5 Things Your Company can do Today to Prepare for Regulatory Induced Crisis

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In certain areas of the Southern United States, there is a substance known as plough-mud (pronounced “pluff”). Like quicksand, the more you struggle, the deeper you sink (and you almost always lose your shoes). Jack Healey helps businesses avoid the figurative mud-hole muck.

Lumber Liquidators Deep in Mud-Hole of Wildlife Regulations

Friday September 27, 2013 was a normal day at Lumber Liquidators home office, that is until federal agents from the Customs Enforcement Homeland Security investigations unit and the U.S. Fish and Wildlife Service armed with court ordered sealed search warrant invaded their offices in Toano and Richmond, Virginia. Management of the discount flooring company was caught completely off guard as the agents seized records pertaining to the sourcing of some of their product. The company’s market value plunged 11% and according to news reports, the company had no idea what the scope or size of the investigation was — but one thing was for certain — their business was in crisis. The company found themselves knee deep in a corporate mud-hole filled with government agents, bad publicity and threatened supply chain.

How did this happen and what should they do now?

lumberThe genesis of this investigation was the source of one of the company’s lumber products. The company operates more than 300 retail stores, sources from more than 110 International and U.S. mills and has more than 60 associates who oversee the sourcing operation. Yet, Korean Pine and Mongolian Oak, woods from far-east Russia were allegedly sourced in violation of the Lacey Act. The Lacey Act is a federal conservation statute that makes it illegal to import or sell fish, wildlife or plants if it violates state or foreign law. The act—which carries criminal penalties of up to $500,000 per violation—was amended in 2008 to include wood varieties and curb illegal logging.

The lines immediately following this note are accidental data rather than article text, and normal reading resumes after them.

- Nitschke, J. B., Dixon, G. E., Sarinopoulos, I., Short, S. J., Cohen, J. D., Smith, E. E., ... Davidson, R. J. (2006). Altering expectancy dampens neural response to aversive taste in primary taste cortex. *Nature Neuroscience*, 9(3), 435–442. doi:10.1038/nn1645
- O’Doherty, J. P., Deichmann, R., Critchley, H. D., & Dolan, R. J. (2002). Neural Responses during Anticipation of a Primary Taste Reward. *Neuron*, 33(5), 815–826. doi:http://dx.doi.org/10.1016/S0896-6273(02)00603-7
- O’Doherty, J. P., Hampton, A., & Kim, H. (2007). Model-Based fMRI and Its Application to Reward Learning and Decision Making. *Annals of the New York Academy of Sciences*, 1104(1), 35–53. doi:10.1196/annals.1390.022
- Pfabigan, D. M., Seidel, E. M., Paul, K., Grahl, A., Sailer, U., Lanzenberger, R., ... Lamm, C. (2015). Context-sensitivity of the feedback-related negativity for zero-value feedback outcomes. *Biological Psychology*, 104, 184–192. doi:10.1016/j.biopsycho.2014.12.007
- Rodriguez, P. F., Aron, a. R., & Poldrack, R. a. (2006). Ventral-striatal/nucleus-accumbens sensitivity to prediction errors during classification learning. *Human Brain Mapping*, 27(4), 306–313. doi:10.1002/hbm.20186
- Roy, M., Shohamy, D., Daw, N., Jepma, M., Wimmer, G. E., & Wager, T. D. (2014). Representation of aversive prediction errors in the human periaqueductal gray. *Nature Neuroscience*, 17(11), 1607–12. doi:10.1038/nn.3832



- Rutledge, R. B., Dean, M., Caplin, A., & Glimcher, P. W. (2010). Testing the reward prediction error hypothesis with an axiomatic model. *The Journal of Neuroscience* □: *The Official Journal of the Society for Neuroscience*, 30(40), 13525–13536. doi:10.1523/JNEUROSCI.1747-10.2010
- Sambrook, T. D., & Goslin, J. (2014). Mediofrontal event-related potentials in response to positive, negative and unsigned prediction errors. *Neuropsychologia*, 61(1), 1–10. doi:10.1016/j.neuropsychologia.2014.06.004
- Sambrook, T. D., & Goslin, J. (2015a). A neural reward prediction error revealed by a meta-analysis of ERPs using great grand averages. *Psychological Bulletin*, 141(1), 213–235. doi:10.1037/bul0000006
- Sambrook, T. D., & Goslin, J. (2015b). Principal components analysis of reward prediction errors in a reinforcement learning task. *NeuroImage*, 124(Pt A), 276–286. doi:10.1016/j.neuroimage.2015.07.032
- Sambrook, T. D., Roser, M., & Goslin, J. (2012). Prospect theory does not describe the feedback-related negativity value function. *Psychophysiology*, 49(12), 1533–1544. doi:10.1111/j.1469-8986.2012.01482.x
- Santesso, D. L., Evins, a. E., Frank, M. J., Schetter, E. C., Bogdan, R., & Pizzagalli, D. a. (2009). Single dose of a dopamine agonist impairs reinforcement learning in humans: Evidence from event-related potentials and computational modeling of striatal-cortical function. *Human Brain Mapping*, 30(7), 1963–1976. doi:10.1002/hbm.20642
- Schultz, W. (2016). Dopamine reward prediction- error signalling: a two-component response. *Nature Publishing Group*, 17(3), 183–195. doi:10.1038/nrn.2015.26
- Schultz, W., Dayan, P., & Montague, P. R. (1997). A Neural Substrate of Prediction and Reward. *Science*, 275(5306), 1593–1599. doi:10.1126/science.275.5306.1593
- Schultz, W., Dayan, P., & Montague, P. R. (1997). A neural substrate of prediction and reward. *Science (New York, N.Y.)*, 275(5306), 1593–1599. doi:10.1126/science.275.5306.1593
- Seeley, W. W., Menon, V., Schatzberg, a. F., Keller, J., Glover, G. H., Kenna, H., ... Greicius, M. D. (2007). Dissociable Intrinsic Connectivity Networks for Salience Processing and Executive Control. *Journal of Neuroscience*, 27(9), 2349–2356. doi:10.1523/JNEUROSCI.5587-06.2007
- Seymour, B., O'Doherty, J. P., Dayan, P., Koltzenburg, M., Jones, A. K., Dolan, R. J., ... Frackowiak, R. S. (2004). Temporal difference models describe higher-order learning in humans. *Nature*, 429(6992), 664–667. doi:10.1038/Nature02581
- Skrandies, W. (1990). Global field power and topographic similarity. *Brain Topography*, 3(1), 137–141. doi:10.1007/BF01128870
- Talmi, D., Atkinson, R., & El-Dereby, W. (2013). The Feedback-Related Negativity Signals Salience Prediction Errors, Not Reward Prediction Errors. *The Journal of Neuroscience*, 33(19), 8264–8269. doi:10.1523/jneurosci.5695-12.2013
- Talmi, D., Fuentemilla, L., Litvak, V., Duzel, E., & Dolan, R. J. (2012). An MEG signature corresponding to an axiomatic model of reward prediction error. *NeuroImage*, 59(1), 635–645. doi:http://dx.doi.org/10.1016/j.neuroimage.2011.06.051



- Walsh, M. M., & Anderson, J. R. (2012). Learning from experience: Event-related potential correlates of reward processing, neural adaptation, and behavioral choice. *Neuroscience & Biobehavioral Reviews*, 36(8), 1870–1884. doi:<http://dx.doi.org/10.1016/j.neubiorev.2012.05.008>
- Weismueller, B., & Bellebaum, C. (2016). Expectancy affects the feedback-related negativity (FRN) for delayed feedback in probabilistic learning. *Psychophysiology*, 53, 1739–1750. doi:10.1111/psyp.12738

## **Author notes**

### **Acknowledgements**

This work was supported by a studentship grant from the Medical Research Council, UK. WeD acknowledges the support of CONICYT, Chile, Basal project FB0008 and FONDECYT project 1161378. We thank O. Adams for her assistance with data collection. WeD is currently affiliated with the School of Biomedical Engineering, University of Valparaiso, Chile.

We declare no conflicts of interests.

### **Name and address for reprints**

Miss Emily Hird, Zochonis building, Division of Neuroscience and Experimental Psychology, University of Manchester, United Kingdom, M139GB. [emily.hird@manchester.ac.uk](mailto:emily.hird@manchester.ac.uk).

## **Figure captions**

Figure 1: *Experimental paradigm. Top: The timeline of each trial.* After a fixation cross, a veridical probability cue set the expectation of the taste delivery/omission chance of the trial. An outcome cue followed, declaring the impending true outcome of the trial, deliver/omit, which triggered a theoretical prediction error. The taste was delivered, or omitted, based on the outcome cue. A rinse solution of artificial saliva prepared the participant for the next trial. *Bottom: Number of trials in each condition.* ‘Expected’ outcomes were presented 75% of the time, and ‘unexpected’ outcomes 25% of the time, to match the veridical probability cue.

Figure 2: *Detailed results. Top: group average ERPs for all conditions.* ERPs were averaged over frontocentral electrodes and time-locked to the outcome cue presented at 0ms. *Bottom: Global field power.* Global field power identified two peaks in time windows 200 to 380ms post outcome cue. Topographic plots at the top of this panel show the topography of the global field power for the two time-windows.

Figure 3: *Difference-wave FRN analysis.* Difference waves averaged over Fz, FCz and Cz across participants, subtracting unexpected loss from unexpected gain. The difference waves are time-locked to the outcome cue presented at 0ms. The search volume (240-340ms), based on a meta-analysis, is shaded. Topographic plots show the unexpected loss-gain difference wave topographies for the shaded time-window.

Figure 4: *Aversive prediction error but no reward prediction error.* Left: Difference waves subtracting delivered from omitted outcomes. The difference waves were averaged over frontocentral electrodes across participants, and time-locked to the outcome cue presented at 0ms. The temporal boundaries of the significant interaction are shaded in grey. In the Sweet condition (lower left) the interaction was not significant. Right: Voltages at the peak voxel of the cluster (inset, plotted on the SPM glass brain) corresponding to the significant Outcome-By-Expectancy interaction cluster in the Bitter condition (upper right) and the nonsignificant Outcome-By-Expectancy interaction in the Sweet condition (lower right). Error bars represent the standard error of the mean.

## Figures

The woods where the lumber was allegedly harvested are home to the Siberian Tiger, an endangered species with only about 450 left in the world. The tiger feeds on wild deer and boar found in the woods; the deer and boar feed on the pine nuts and acorns the trees produce; accordingly, the wood falls under the Lacey Act. Illegal logging is prevalent in the Russian forest and these products frequently find their way into the supply chains of global companies.

Wal-Mart recalled cribs and toilet seats made in China from this same forested wood in 2007, and signed an agreement with the World Wildlife Federation to verify the source of all the wood used in their furniture within 5 years.

This raid is reminiscent of the Gibson Guitar raid in August 2011, where agents seized more than $1 million in rare Indian ebony, finished guitars and electronic data. Gibson paid fines and forfeited product in excess of $600,000, but fought a very public battle over the affair. Gibson claimed that some of the wrath of the Federal Agents was due to their political affiliation with the Republican Party, and quickly pointed out same woods use in many of their competitors’ products. Interestingly, Lumber Liquidators is an advertiser for conservative talk-show host Rush Limbaugh’s syndicated program, although Lumber Liquidators was quick to issue a statement that distanced them from that show, stating that their advertising was placed by a third party.